Gold mining shares have fallen (the GDX is down ~17% from April highs) as both precious metals and stocks have trended lower.

Energy prices were bid higher this week

WTI crude oil futures have trended higher for 6 consecutive months and closed this week at ~$110 – nearly double the $62 low made in December.

Wholesale gasoline, diesel and heating oil are at All-Time Highs.

NYMEX Natgas futures hit 14-year highs this week, while the British Natgas futures closed at a 9-month low. It looks like the trans-Atlantic arb is working as LNG is shipped from North America to Europe.

Surging energy prices sustain higher inflation

The combination of surging energy prices and a soaring USD is BAD news for many energy-importing countries but GOOD news for energy-exporting countries like Canada and OPEC.

Thoughts on trading

Poor liquidity across markets exacerbated recent wild intraday price swings as investors and traders have been “backing away” from the markets due to “hard to quantify” risks. There is the uncertainty about the “consequences” of a war in Europe, but there is also an existential sense that a “new era” may be dawning with the winding down of globalization, the fracturing of so many supply chains, the surge in inflation, interest rates and the USD, and, possibly, the end of the bull market in stocks. (See the Heisenberg Report for an excellent 5-minute read on the possible end of the “Doomsday Momentum Machine!”)

My short term trading

I started this week flat and was determined to be cautious given the recent choppy price action, the looming Fed risk and the fact that I would be travelling Thursday and Friday (in Vancouver for the Celebration of Life of a dear old friend.)

I took some small positions in both the S+P and CAD Monday and Tuesday, looking for a bounce, but was stopped for small losses on all trades. I was flat from Tuesday’s close through Friday’s close (I missed the wild Wednesday/Thursday action), and my P+L was down less than 0.5% on the week.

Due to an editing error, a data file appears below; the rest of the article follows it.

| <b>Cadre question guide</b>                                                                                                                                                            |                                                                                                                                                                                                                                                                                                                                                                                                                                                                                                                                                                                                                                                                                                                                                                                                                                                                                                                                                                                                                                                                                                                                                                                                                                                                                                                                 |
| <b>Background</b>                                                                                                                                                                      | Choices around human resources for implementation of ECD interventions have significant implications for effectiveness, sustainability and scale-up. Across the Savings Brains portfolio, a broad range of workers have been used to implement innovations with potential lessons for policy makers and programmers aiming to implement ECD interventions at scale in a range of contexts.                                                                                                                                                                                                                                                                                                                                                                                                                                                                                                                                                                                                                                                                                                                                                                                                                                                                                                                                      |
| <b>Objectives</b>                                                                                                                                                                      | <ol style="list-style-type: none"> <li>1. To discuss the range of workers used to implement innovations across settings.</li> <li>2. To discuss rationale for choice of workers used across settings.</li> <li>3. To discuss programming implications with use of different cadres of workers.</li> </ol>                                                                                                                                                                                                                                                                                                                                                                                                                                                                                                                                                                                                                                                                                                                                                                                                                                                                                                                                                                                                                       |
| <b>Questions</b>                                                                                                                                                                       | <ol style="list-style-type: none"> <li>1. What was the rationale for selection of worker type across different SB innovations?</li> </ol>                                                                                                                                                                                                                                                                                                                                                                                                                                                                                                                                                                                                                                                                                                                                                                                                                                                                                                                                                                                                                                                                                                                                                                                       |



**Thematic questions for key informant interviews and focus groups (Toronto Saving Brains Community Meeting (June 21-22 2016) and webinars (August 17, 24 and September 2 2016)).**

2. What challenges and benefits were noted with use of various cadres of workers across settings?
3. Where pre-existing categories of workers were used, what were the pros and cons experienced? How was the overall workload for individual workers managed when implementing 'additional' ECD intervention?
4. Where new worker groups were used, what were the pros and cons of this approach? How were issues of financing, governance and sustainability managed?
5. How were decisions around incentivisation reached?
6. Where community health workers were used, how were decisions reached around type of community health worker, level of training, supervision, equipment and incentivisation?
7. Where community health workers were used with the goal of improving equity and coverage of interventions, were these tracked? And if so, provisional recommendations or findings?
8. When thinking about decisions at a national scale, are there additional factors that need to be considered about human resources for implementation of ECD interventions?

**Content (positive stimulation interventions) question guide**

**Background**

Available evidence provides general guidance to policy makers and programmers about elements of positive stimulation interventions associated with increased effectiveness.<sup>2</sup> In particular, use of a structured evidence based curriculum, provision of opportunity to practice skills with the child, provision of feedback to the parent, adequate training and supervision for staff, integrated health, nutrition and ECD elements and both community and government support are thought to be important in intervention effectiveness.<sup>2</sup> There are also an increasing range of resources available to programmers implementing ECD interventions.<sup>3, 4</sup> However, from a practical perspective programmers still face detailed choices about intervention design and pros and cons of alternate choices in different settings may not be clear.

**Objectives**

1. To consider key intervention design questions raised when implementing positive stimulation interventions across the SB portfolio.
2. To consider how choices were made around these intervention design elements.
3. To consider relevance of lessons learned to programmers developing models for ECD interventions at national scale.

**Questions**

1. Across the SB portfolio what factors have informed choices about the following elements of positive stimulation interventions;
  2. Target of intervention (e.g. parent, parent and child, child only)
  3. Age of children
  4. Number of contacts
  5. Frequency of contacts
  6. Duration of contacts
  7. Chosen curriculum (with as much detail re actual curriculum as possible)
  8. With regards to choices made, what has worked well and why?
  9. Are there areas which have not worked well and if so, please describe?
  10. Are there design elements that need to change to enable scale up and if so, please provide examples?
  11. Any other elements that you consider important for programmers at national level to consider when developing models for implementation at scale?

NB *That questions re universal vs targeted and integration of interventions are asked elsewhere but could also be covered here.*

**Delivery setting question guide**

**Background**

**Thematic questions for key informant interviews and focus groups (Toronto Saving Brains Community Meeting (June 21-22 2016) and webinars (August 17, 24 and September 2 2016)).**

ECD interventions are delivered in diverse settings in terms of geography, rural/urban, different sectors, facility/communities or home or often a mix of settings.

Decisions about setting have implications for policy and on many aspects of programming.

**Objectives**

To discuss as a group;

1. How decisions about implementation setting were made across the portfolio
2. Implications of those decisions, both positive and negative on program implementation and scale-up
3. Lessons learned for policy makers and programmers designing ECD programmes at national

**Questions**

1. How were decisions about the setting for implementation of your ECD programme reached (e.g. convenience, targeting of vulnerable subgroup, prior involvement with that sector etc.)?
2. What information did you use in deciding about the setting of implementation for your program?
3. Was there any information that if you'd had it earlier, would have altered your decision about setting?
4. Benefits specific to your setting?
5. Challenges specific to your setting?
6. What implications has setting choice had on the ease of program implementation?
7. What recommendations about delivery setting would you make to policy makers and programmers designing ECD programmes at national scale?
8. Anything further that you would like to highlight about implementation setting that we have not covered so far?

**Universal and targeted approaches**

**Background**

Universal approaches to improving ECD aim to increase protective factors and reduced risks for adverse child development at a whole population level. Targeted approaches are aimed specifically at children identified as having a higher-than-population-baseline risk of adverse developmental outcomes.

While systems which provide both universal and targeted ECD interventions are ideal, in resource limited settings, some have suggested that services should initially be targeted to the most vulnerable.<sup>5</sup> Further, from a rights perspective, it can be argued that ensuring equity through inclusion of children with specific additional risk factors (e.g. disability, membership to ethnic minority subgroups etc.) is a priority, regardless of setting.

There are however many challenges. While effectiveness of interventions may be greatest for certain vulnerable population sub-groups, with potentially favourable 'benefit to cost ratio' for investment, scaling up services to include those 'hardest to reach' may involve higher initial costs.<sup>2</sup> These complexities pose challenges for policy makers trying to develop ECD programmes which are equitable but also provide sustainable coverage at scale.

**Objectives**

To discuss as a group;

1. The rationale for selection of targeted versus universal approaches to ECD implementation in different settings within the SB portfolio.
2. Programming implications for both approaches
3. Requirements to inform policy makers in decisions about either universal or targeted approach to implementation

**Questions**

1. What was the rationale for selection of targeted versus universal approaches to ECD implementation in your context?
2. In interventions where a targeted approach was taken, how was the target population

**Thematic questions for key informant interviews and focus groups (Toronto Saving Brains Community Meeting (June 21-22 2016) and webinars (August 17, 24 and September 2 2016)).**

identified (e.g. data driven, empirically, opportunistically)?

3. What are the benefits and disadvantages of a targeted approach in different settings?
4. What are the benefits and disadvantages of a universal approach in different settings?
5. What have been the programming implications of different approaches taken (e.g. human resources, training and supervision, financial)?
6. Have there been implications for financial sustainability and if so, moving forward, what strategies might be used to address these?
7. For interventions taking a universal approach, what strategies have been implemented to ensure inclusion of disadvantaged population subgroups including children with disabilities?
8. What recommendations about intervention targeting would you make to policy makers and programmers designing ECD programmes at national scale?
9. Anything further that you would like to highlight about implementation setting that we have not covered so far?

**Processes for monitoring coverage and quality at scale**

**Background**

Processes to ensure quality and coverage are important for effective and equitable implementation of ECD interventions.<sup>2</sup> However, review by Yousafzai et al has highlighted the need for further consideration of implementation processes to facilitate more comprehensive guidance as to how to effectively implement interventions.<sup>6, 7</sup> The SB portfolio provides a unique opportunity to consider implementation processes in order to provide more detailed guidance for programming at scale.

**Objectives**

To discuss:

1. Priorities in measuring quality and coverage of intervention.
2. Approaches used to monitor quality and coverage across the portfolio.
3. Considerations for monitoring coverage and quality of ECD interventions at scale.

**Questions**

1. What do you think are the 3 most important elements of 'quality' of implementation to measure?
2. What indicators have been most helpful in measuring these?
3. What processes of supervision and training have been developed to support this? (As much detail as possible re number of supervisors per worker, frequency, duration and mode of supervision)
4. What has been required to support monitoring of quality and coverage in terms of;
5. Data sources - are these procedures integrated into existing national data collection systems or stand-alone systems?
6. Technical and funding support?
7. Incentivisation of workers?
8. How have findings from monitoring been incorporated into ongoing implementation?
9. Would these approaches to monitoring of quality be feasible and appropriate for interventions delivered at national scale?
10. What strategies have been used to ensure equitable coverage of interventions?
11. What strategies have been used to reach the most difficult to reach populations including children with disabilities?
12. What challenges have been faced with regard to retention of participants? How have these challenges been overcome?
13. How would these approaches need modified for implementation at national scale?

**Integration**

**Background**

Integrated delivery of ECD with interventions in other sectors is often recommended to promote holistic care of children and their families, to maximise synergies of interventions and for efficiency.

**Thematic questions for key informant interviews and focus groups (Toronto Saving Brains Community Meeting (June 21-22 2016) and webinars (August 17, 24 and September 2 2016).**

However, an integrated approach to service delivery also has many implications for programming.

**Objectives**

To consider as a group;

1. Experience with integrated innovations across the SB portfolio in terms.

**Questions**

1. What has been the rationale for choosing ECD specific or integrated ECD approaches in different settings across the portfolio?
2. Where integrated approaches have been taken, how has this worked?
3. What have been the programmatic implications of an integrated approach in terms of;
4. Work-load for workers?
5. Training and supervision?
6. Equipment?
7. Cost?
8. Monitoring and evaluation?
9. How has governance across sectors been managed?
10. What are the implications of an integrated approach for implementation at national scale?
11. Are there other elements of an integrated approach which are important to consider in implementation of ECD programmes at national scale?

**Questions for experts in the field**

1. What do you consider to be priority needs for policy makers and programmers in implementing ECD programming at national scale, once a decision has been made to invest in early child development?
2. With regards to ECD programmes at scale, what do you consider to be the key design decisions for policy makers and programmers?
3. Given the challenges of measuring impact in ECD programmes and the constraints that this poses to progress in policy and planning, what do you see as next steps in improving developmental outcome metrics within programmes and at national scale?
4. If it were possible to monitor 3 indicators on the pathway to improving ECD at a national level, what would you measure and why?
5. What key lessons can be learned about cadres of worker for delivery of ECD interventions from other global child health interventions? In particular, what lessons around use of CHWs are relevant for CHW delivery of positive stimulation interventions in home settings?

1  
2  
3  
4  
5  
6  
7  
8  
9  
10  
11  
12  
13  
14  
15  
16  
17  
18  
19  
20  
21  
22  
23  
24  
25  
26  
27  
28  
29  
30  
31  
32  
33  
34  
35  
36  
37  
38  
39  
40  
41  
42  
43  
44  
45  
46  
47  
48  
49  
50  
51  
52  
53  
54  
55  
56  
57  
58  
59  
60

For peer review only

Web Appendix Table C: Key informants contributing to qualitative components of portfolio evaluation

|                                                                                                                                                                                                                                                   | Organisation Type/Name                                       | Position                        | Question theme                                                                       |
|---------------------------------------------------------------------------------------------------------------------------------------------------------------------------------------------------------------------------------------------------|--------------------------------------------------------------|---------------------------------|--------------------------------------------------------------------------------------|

I won’t indulge in the temptation to play “woulda/coulda/shoulda.” I wasn’t “on the job,” and sometimes you miss making trades that look easy in hindsight. I believe the market will be open again next week, and there will be new opportunities!

The Barney report

Barney will be eight months old this week. Every once in a while, he looks like he’s suddenly gotten bigger! He’s ~57 pounds now, and he couldn’t leave me alone when I got home Friday night after being away for two days. I was pretty happy to see him too!

A request

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Listen to Victor talk about markets.

I’ve had a regular weekly spot on Mike Campbell’s extremely popular Moneytalks show for 20 years. The May 7 podcast is available at: https://mikesmoneytalks.ca.

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Victor Adair retired from the Canadian brokerage business in 2020 after 44 years and is no longer licensed to provide investment advice. Nothing on this website is investment advice for anyone about anything.